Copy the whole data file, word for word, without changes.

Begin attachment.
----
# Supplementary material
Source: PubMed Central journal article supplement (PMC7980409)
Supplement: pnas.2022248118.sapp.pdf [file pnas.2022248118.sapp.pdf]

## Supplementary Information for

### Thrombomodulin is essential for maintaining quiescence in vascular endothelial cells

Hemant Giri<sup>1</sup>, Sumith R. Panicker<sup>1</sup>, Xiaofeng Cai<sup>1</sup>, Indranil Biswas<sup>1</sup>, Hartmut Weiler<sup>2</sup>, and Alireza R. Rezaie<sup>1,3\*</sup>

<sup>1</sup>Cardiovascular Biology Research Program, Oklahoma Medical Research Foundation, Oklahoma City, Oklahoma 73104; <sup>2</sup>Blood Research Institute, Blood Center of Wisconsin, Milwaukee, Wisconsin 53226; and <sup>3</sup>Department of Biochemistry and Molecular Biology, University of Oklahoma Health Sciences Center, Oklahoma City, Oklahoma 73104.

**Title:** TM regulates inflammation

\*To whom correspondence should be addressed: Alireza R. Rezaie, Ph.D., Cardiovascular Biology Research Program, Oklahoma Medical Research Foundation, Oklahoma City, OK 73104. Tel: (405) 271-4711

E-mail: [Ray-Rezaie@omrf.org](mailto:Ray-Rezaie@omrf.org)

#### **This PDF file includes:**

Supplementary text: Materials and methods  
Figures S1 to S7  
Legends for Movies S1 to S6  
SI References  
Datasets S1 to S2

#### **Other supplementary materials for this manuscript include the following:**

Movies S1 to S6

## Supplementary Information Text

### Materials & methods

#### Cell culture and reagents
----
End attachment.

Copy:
# Supplementary material
Source: PubMed Central journal article supplement (PMC7980409)
Supplement: pnas.2022248118.sapp.pdf [file pnas.2022248118.sapp.pdf]

## Supplementary Information for

### Thrombomodulin is essential for maintaining quiescence in vascular endothelial cells

Hemant Giri<sup>1</sup>, Sumith R. Panicker<sup>1</sup>, Xiaofeng Cai<sup>1</sup>, Indranil Biswas<sup>1</sup>, Hartmut Weiler<sup>2</sup>, and Alireza R. Rezaie<sup>1,3\*</sup>

<sup>1</sup>Cardiovascular Biology Research Program, Oklahoma Medical Research Foundation, Oklahoma City, Oklahoma 73104; <sup>2</sup>Blood Research Institute, Blood Center of Wisconsin, Milwaukee, Wisconsin 53226; and <sup>3</sup>Department of Biochemistry and Molecular Biology, University of Oklahoma Health Sciences Center, Oklahoma City, Oklahoma 73104.

**Title:** TM regulates inflammation

\*To whom correspondence should be addressed: Alireza R. Rezaie, Ph.D., Cardiovascular Biology Research Program, Oklahoma Medical Research Foundation, Oklahoma City, OK 73104. Tel: (405) 271-4711

E-mail: [Ray-Rezaie@omrf.org](mailto:Ray-Rezaie@omrf.org)

#### **This PDF file includes:**

Supplementary text: Materials and methods  
Figures S1 to S7  
Legends for Movies S1 to S6  
SI References  
Datasets S1 to S2

#### **Other supplementary materials for this manuscript include the following:**

Movies S1 to S6

## Supplementary Information Text

### Materials & methods

#### Cell culture and reagents